Bush declines invite to appear with Obama at Ground Zero

Rick Moran
Unlike his Democratic predecessors, George W. Bush has been a model ex-president.

He has avoided the limelight, refrained from criticizing his successor, written his obligatory memoirs (best seller), and quietly promoted his causes such as the 100 mile bike trip he took last week with soldiers who had been wounded in Iraq and Afghanistan.

Now, given the opportunity to share the stage with President Obama in what is sure to be an emotional ceremony at Ground Zero tomorrow, the classy Mr. Bush has declined.

The New York Times:

President Obama invited former President George W. Bush to join him at ground zero in New York City on Thursday to mark the killing of Osama bin Laden, but Mr. Bush declined, a spokesman for the former president confirmed on Tuesday.

"President Bush will not be in attendance on Thursday," said his spokesman, David Sherzer. "He appreciated the invite, but has chosen in his post-presidency to remain largely out of the spotlight. He continues to celebrate with Americans this important victory in the war on terror."
The White House did not confirm that the invitation had been made or comment on Mr. Bush's decision.

Mr. Obama has talked this week of his hope that the successful raid on the compound where Bin Laden was hiding could serve as a unifying force in a country divided by battles over fiscal policy and many other issues. Many Republicans have praised Mr. Obama for the success of the operation.

There are probably two dynamics at work in President Bush's decision. First, he doesn't want to end up a prop in what might be an Obama campaign commercial. But secondly, no matter what you think of Obama, the public accolades - deserved or not - belong to him. While it is true Bush-era intelligence developed the first leads in the hunt for Obama, the operation was ordered and took place on Obama's watch.

It was nice of the president to make the offer. And it was typical of Bush to turn it down.



Unlike his Democratic predecessors, George W. Bush has been a model ex-president.

He has avoided the limelight, refrained from criticizing his successor, written his obligatory memoirs (best seller), and quietly promoted his causes such as the 100 mile bike trip he took last week with soldiers who had been wounded in Iraq and Afghanistan.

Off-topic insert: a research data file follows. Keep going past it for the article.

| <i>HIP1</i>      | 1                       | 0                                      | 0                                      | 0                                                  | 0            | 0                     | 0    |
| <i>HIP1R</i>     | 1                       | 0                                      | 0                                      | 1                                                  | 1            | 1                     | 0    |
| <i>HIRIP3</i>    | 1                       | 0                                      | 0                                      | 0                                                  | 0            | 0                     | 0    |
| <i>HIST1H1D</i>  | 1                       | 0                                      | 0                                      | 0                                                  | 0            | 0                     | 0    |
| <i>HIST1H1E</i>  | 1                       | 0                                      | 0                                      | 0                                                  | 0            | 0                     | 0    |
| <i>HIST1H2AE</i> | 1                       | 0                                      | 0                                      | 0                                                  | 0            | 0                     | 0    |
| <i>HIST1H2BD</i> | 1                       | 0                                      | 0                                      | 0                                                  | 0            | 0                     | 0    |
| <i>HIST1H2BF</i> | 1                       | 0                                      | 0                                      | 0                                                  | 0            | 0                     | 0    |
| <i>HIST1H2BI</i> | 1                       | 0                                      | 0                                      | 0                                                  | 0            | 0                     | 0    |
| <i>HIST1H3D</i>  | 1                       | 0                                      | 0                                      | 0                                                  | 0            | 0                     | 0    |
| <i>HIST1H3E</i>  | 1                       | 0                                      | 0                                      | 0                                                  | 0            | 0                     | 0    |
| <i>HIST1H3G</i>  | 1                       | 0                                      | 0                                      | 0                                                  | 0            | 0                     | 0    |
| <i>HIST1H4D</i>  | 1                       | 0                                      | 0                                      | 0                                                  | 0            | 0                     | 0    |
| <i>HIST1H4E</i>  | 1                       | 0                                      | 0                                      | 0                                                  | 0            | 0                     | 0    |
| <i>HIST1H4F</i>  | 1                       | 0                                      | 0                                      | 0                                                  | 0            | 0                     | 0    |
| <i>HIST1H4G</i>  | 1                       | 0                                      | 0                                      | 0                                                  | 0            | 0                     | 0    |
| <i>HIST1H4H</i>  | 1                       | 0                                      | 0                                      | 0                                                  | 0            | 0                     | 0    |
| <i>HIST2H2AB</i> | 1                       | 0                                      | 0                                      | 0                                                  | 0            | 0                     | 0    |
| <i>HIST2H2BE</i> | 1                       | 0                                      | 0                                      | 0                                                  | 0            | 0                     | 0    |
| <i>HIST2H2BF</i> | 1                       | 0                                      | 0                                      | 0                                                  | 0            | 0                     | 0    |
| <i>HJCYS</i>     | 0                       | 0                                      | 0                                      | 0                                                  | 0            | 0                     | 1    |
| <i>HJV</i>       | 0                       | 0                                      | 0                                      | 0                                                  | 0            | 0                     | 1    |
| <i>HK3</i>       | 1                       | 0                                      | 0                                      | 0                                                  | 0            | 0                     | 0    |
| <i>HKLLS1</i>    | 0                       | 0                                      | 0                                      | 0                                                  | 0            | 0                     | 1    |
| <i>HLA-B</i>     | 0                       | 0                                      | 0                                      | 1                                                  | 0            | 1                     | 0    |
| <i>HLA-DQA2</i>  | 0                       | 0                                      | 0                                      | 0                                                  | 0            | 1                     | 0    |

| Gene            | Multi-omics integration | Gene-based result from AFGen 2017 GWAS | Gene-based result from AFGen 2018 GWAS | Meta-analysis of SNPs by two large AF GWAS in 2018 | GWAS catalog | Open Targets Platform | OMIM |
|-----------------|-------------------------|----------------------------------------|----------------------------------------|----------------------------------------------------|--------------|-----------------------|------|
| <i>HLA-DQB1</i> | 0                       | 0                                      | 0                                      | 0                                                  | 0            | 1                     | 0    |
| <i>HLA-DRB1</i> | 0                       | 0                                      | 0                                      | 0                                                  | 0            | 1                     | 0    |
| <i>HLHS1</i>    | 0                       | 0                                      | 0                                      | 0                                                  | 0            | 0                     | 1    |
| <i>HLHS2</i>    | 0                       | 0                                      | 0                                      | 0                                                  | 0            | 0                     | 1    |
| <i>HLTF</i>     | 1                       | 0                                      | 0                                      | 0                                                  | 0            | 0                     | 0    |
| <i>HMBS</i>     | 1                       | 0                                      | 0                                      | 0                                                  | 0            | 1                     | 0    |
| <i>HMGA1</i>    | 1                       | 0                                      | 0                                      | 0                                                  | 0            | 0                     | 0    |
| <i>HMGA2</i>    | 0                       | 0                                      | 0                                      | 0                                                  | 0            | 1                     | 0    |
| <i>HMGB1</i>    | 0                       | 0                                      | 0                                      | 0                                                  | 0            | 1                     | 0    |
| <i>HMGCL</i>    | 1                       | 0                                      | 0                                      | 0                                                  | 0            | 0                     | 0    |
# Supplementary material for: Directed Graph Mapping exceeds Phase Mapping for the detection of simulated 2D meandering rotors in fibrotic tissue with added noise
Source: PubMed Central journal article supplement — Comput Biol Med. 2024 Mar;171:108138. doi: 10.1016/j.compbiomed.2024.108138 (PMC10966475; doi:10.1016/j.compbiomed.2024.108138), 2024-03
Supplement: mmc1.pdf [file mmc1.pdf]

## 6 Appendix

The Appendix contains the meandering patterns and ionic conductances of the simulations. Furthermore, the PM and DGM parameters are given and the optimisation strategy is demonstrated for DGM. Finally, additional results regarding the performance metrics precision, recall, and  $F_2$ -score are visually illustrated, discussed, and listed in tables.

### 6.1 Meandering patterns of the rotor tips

Now, given the opportunity to share the stage with President Obama in what is sure to be an emotional ceremony at Ground Zero tomorrow, the classy Mr. Bush has declined.

The New York Times:

President Obama invited former President George W. Bush to join him at ground zero in New York City on Thursday to mark the killing of Osama bin Laden, but Mr. Bush declined, a spokesman for the former president confirmed on Tuesday.

"President Bush will not be in attendance on Thursday," said his spokesman, David Sherzer. "He appreciated the invite, but has chosen in his post-presidency to remain largely out of the spotlight. He continues to celebrate with Americans this important victory in the war on terror."

The White House did not confirm that the invitation had been made or comment on Mr. Bush's decision.

Mr. Obama has talked this week of his hope that the successful raid on the compound where Bin Laden was hiding could serve as a unifying force in a country divided by battles over fiscal policy and many other issues. Many Republicans have praised Mr. Obama for the success of the operation.

There are probably two dynamics at work in President Bush's decision. First, he doesn't want to end up a prop in what might be an Obama campaign commercial. But secondly, no matter what you think of Obama, the public accolades - deserved or not - belong to him. While it is true Bush-era intelligence developed the first leads in the hunt for Obama, the operation was ordered and took place on Obama's watch.

It was nice of the president to make the offer. And it was typical of Bush to turn it down.